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Hepatitis C 'Super-Spreaders' Are Key to Prevention
Researchers have identified intravenous drug users as 'super-spreaders' of hepatitis C, but early diagnosis and treatment may help keep them from giving the disease to others.
By Alysha Reid
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THURSDAY Jan. 31, 2013 —Intravenous drug users with hepatitis C are likely to infect around 20 other people with the virus, and about half of those new infections occur within the first two years after a person contracts hepatitis C, according to an Oxford University study published in PLOS Computational Biology.
These so-called super-spreaders of hepatitis C were the subject of a study at Oxford in which researchers collected data from studies on four hepatitis C epidemics in Greece, as well as 100 genetic sequences from frozen plasma samples, and then used a mathematical model to estimate when and how the people in the studies were infected with hepatitis C.
“Working out how many people are likely to be infected by each 'super-spreader' of hepatitis C, as well as how soon they will be infected, has been a puzzle for over 20 years. Our research has resolved this issue and paves the way for a modeling study to show what kind of public health interventions could really make a difference,” said Gkikas Magiorkinis, MD, of Oxford University's Department of Zoology and lead author of the study in a press release.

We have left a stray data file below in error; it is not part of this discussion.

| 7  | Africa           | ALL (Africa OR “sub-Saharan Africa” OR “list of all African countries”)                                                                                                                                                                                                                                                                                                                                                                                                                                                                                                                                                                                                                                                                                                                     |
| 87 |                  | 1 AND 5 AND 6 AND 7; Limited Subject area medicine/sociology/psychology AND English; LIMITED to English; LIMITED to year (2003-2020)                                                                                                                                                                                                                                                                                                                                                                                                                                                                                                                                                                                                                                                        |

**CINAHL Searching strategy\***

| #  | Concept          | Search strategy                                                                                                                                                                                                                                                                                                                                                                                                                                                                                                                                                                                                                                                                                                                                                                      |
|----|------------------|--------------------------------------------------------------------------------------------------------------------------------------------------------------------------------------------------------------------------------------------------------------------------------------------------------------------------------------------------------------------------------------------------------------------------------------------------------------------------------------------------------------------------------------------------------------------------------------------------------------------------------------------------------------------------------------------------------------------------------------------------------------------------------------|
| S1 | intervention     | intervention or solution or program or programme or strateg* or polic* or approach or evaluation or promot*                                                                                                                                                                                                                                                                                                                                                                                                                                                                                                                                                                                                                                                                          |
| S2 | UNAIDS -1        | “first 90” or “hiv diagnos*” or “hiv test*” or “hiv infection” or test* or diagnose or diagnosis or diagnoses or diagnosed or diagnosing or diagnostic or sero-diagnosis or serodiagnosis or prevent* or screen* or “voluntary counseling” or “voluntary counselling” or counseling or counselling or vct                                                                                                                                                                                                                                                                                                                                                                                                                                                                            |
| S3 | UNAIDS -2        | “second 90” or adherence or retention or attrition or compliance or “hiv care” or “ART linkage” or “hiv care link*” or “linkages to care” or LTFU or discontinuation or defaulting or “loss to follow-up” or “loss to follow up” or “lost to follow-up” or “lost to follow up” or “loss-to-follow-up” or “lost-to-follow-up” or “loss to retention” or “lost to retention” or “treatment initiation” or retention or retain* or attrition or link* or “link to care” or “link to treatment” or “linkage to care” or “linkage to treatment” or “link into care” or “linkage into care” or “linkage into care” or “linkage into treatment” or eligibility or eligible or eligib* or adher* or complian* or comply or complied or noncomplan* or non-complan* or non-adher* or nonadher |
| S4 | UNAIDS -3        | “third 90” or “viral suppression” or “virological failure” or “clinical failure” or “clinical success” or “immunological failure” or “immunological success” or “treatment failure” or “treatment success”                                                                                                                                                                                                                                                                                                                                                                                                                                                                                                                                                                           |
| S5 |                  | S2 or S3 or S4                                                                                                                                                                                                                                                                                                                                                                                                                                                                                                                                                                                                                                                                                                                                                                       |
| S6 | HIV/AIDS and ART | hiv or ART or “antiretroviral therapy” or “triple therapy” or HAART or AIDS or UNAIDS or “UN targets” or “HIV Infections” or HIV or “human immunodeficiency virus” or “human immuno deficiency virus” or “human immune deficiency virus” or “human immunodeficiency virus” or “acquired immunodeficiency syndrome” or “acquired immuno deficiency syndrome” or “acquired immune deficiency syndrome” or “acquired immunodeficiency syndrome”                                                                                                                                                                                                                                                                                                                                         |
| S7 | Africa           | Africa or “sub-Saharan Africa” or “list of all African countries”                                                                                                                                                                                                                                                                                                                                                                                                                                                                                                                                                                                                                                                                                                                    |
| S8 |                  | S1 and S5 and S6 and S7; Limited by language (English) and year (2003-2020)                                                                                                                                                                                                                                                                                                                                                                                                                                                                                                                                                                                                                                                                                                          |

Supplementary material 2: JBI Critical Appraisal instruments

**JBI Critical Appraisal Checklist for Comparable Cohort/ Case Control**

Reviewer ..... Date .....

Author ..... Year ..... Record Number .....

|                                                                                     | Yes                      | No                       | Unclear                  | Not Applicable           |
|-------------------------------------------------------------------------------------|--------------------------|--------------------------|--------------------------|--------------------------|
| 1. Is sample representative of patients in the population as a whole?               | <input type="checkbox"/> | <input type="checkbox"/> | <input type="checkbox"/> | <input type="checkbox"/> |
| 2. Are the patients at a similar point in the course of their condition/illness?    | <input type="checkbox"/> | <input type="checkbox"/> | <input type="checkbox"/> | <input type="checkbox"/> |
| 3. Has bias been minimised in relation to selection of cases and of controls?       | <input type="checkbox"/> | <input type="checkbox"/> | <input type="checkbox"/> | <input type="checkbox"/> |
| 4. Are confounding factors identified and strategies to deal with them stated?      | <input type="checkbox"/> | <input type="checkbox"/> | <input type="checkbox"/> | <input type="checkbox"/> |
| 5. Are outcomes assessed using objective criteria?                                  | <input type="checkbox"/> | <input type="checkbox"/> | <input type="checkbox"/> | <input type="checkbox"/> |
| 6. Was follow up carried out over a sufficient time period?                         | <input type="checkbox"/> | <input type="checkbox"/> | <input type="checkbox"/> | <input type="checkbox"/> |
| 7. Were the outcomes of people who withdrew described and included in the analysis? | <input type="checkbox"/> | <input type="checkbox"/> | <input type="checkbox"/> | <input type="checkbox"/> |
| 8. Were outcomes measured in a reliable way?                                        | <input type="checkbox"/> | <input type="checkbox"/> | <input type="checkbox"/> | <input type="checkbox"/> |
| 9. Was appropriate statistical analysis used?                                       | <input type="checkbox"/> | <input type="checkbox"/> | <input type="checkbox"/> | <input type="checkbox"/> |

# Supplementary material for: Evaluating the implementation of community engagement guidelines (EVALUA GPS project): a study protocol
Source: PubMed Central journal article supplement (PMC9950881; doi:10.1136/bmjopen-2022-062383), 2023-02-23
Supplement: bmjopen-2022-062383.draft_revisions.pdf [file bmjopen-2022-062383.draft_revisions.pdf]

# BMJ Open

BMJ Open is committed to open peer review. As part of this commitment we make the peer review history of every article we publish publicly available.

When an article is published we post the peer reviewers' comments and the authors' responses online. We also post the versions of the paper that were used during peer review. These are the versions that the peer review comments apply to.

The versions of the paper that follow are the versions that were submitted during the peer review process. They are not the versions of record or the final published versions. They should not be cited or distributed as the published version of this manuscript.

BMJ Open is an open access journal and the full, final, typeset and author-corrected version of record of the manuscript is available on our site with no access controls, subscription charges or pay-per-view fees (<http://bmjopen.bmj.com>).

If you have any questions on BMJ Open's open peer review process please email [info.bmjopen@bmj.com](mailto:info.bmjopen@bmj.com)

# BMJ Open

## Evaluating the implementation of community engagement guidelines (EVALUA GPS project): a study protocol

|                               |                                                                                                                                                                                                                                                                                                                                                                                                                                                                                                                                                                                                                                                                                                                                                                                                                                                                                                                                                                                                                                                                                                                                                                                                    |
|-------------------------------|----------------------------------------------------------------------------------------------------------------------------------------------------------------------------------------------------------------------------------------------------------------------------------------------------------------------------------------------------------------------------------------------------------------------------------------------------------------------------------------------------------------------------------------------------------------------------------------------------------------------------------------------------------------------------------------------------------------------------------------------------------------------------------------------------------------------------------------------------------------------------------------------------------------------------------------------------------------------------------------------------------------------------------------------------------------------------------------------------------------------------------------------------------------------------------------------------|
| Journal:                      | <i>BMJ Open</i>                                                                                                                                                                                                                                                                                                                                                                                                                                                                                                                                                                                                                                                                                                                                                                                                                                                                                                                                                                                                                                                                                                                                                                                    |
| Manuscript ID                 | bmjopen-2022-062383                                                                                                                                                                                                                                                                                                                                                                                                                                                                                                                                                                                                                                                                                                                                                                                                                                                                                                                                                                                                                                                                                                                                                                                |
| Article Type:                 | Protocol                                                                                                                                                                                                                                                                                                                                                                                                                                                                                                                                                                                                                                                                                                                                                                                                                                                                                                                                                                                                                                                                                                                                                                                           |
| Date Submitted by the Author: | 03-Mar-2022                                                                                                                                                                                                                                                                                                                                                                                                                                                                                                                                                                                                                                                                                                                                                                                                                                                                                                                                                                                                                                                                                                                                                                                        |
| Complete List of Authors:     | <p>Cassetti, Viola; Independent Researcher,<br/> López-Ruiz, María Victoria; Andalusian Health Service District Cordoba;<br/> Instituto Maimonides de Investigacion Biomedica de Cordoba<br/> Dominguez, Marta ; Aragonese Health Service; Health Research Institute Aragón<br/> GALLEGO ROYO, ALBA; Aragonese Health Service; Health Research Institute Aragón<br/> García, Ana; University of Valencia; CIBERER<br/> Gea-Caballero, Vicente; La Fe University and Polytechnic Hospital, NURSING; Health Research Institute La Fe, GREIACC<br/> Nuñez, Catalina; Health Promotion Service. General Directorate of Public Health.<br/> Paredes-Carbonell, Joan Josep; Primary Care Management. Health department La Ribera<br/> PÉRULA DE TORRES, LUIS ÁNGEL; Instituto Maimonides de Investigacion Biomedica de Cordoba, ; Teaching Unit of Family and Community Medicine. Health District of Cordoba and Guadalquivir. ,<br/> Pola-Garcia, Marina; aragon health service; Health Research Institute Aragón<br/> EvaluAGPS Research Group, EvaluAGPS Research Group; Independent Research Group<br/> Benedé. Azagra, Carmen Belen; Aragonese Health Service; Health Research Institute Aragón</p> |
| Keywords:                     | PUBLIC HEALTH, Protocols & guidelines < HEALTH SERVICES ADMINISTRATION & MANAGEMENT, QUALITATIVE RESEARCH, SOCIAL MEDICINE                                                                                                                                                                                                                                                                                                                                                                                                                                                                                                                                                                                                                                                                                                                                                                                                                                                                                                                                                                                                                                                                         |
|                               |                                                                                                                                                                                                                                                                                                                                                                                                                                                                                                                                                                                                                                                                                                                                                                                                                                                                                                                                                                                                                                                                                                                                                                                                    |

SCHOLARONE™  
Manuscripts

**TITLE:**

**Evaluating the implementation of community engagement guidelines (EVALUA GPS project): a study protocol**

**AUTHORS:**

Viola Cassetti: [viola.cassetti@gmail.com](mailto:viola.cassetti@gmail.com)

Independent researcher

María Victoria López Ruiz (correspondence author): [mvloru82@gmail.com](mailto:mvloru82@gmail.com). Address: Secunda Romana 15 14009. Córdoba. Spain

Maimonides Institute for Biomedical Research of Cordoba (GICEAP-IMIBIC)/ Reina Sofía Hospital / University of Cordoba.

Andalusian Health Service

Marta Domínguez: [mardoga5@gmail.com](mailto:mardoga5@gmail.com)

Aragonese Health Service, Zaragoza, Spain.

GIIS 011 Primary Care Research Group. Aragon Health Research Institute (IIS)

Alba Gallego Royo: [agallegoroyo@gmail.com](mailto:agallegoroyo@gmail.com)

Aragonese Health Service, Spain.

There is currently no vaccine for hepatitis C, which can spread through unprotected sex or contact with infected blood or bodily fluids, as well as by needle sharing among IV drug users. Sharing and re-using drug needles and syringes is now considered to be a major contributor to rates of hepatitis C.
Researchers think that early diagnosis and treatment of hepatitis C among these super-spreaders could help prevent further transmission of the disease.
This isn’t the first study to focus on the link between the hepatitis C epidemic and drug use. A June 2012 study published in the journalPublic Health Reportsreported that 27 percent of homeless adults in Los Angeles may harbor the virus, with the rate of infection higher among those who injected drugs. In that study researchers concluded that hepatitis c education and testing services were crucial to the prevention of disease spread.
The World Health Organization estimates that 150 million people are chronically infected with the hepatitis C virus worldwide, and more than 350,000 people die of related liver diseases each year, making hep C a major public health challenge.
In the United States, about 3.2 million people are infected with hepatitis C, according to the U.S. Centers for Disease Control and Prevention (CDC). A report released by the CDC in February 2012 also found that total deaths from hepatitis C (15,000) now surpass deaths due to HIV (13,000).
The Oxford researchers are confident that their findings will help tackle the spread of hepatitis C. "Using this information we can hopefully soon make a solid argument to support the scaling-up of early diagnosis and antiviral treatment in drug users. Helping these people and stopping the spread of Hepatitis C is our ultimate target,” said Gkikas Magiorkinis, MD, in the press release.
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